1. (:18) The Goal

“And behold, some men were carrying on a bed a man who was paralyzed;

and they were trying to bring him in, and to set him down in front of Him.”

2. (:19) The Game Plan

“And not finding any way to bring him in because of the crowd, they went up on the roof and let him down through the tiles with his stretcher, right in the center, in front of Jesus.”

C. (:20) The Spiritual Reality of Forgiving Sins By Grace Through Faith

“And seeing their faith, He said, ‘Friend, your sins are forgiven you.’”

All of them gave evidence of faith – the 4 friends as well as the paralytic

D. (:21-26) The Physical Object Lesson of Healing the Paralytic

1. (:21) Blind Reasoning

“And the scribes and the Pharisees began to reason, saying, ‘Who is this man who speaks blasphemies? Who can forgive sins, but God alone?’”

2. (:22-23) Perceptive Probing

“But Jesus, aware of their reasonings, answered and said to them, ‘Why are you reasoning in your hearts? Which is easier, to say, Your sins have been forgiven you, or to say, Rise and walk ‘?”

3. (:24-25) Purposeful Miracle

a. (:24) Instructive Command

“But in order that you may know that the Son of Man has authority on earth to forgive sins,– He said to the paralytic—‘I say to you, rise, and take up your stretcher and go home.’”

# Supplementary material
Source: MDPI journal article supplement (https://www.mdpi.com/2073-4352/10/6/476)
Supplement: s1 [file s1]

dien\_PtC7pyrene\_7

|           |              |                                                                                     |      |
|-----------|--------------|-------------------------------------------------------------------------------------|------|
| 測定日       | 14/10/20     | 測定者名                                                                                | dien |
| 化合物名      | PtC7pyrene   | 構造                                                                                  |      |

b. (:25) Immediate and Complete Healing

“And at once he rose up before them, and took up what he had been lying on, and went home, glorifying God.”

4. (:26) Shallow Response

“And they were all seized with astonishment and began glorifying God; and they were filled with fear, saying, ‘We have seen remarkable things today.’”

Climax of this section – the reaction of the people to the demonstration by Jesus of His power and authority that extended even to the forgiveness of sins

Anyabwile: Look at the people’s reaction in verse 26. Do you know what I find extraordinary? They watched Jesus forgive a man’s sin. Then they watched Jesus prove he could forgive sin by healing a paralyzed man. But not one of them then said to Jesus, “Since you can forgive sins, please forgive my sins, too!” They experienced general amazement and gave general praise to God, but they did not worship Jesus or seek forgiveness for their sin. That is amazing and tragic. Having eyes, they do not see. Having ears, they do not hear.

J. Ligon Duncan: at that point the Pharisees should have been on their faces before Jesus, saying, “The One that Isaiah prophesied about in Isaiah 35, the One who, when He comes, the blind are going to see and the lame are going to leap for joy, and the deaf are going to hear — He’s here! We’ve just seen Him make a lame man walk, and that man leapt for joy going home, glorifying God! And we’ve just seen a leper healed just like Isaiah says in Isaiah 35. This is the One we’ve been waiting for!” But they didn’t. Why? Because unlike that leper, and unlike that lame man, they did not see their need. They didn’t see how much they needed Jesus. They didn’t see how much they needed the forgiveness of sins. And so they stood there in judgment over Jesus.